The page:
Understanding the Link Between Anxiety and Memory Loss in the Elderly
Untangling the connections between anxiety and memory loss is understandably difficult. Because the experience of cognitive decline is so individual and subjective, relying on a patient to self-report symptoms is often insufficient. This makes it challenging for doctors and researchers to understand whether anxiety or memory loss was the catalyst for their patients’ issues.
Scientific studies have shown that anxiety can lead to short-term memory loss. Similarly, cognitive decline and memory loss can lead to anxiety. The root causes of both general or social anxiety and memory loss are tightly interwoven.
While the mind is often a mystery, these connections are very important to track. Early detection of memory loss is vital for treatment and reversal of symptoms.
Symptoms and Causes of Anxiety and Memory Loss
Anxiety is a mental disorder characterized by excessive worry and fear that affects daily life. Symptoms can be both physical and mental. There are many varieties of anxiety disorders, from social anxiety to panic disorder to agoraphobia.
If anxiety is holding you back in life or causing you distress, please talk to your physician for help. While anxiety is often a biological reaction to a stressful situation, anxiety disorders can be very disruptive. Thankfully, there are many ways to relieve anxiety! Your doctor may suggest medication, therapy, or mindfulness to help you cope with your symptoms.
Common Anxiety Symptoms:
An irrational amount of nervousness or fear
Feelings of panic or doom
Increased heart rate and hyperventilation
Sweating, shakiness, or weakness
Trouble concentrating and/or sleeping
Avoidance of activities that cause anxiety
Some degree of memory loss is an expected part of aging, but it is deemed a concern once these lapses in memory affect daily life. A dementia diagnosis means that a patient is experiencing progressive cognitive decline that impairs their memory, reasoning, judgment, and other thinking skills.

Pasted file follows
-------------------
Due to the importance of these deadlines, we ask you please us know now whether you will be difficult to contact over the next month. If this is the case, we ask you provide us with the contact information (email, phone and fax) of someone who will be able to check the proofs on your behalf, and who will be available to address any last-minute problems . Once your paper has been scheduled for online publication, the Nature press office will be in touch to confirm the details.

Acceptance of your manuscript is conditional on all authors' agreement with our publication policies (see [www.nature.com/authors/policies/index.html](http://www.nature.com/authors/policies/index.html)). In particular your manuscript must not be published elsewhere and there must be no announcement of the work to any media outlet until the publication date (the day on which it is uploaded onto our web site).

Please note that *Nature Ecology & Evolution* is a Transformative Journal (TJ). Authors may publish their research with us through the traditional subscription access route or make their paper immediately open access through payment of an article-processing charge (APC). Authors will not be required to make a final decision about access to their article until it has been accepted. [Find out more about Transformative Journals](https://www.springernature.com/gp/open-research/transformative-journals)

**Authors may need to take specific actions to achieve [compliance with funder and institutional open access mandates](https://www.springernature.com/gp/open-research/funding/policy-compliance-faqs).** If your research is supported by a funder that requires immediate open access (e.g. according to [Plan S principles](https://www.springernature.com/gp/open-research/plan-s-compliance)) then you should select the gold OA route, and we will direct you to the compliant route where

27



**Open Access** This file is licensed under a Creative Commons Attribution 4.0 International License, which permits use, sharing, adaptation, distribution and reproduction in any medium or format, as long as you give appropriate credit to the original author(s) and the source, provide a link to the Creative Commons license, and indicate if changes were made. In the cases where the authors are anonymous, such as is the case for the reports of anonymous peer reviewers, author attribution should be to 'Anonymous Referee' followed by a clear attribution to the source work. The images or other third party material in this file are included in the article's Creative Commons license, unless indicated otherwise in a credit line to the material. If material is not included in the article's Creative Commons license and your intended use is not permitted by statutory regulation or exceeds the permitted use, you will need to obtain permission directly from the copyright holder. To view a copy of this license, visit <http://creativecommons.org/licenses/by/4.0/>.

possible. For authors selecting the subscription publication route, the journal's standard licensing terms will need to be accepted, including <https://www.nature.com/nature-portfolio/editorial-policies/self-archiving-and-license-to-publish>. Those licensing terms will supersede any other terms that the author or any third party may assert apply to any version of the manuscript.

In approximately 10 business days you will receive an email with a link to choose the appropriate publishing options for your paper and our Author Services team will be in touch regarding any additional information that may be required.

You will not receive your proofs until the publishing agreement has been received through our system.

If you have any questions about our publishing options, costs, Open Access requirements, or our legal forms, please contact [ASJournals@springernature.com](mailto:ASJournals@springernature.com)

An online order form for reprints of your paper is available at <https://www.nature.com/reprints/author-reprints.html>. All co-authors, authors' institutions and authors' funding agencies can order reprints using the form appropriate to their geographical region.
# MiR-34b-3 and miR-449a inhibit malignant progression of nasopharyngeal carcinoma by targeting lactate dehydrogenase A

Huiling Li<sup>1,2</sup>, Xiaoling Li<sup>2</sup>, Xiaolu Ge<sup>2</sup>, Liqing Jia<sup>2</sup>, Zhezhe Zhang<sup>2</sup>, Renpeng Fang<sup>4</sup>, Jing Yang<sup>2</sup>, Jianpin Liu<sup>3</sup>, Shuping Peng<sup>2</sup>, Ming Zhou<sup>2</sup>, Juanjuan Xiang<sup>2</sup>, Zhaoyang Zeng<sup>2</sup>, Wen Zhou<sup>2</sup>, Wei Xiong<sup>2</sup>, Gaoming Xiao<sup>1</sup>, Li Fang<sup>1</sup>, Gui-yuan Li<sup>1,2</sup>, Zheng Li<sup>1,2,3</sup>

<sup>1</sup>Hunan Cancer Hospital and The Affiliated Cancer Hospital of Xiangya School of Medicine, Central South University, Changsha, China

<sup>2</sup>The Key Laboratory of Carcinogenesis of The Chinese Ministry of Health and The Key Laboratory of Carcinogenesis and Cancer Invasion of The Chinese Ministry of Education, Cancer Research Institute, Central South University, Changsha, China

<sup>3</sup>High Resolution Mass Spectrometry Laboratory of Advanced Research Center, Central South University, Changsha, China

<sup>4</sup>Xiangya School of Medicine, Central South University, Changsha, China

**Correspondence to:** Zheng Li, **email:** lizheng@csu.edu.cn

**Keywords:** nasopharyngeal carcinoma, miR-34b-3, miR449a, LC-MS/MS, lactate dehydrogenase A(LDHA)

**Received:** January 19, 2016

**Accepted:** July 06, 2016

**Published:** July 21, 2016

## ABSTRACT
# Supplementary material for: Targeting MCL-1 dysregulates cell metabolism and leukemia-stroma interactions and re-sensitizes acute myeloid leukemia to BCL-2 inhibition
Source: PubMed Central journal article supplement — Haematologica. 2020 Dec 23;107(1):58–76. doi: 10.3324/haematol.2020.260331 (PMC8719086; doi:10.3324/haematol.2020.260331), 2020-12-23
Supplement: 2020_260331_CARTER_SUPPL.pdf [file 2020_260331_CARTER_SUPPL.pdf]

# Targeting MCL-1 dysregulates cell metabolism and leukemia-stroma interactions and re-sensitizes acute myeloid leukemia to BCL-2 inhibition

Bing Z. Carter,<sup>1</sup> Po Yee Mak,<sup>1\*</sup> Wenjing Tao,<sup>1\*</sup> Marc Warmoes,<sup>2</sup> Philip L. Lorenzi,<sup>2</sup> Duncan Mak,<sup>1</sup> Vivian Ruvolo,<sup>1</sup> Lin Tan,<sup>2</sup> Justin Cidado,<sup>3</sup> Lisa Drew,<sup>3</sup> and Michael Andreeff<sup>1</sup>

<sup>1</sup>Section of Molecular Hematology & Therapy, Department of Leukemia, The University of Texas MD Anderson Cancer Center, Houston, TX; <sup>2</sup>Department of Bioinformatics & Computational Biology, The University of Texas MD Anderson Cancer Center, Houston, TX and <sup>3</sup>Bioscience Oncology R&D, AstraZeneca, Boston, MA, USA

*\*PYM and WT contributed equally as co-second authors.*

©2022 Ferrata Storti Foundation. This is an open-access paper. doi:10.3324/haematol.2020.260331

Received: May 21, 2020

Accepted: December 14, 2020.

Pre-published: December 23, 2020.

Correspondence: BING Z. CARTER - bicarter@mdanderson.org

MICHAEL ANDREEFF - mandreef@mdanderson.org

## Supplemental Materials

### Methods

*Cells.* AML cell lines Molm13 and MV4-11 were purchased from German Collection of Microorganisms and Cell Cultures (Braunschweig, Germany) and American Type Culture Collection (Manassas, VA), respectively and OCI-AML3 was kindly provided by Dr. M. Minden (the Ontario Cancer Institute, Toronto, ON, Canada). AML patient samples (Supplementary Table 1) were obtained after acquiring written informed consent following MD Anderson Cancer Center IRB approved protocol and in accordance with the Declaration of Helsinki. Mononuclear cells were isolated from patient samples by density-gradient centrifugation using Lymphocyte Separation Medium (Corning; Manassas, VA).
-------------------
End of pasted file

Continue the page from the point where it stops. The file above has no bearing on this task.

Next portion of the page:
Many forms of memory loss are reversible with the appropriate treatment. If you are concerned about your own or a loved one’s memory loss, please speak to a physician. There is hope for memory loss, regardless of the presenting symptoms.
Common Memory Loss Symptoms:
Asking the same question multiple times
Forgetting words or names
Misplacing common items
Changes in behavior or mood
Taking longer to complete usual tasks
Anxiety and Memory Loss Studies
Which came first, the anxiety or the memory loss? Researchers say both.
Anxiety and stress are closely related. Both release high levels of cortisol into the brain, a stress hormone that has been closely linked to the erosion of brain synapses. This erosion occurs gradually, which causes symptoms of memory loss to develop later in life as we age. It has been compared to waves slowly making rocks smoother and smaller.
Anxiety and memory loss have an even closer relationship than that of depression and memory loss. Anxiety is specifically linked with memory performance. It makes sense that high anxiety and memory loss are connected, because cortisol weathers the synapses of the brain. The two are “interrelated and inseparable”.
Although these connections are hard to untangle, studies have suggested that it is cognitive decline that causes anxiety, not the inverse. Anxiety has been shown to be a strong early predictor of future memory loss. This does not suggest that anxiety is the catalyst; rather, that anxiety develops as a consequence of memory loss.
There is no satisfying answer to the problem of anxiety and memory loss in the elderly. These two conditions have very similar symptoms and entangled roots. We encourage you to speak to a trusted physician for a care plan if you have any concerns about emotional or cognitive health.
Care for Anxiety and Memory Loss
A common problem for older adults struggling with both anxiety and memory loss is insomnia. Difficulty sleeping is often connected to the way that elderly people slow down as they age. Maintaining a comfortable level of mental and physical activity is the best way to aid sleep!
Our community at The Moments values activity, connection, and fun! Residents experience meaningful, enriching moments in the company of others every day. “Meaningful, stimulating, and engaging” activities are the most important way we reduce the symptoms of anxiety and memory loss at The Moments.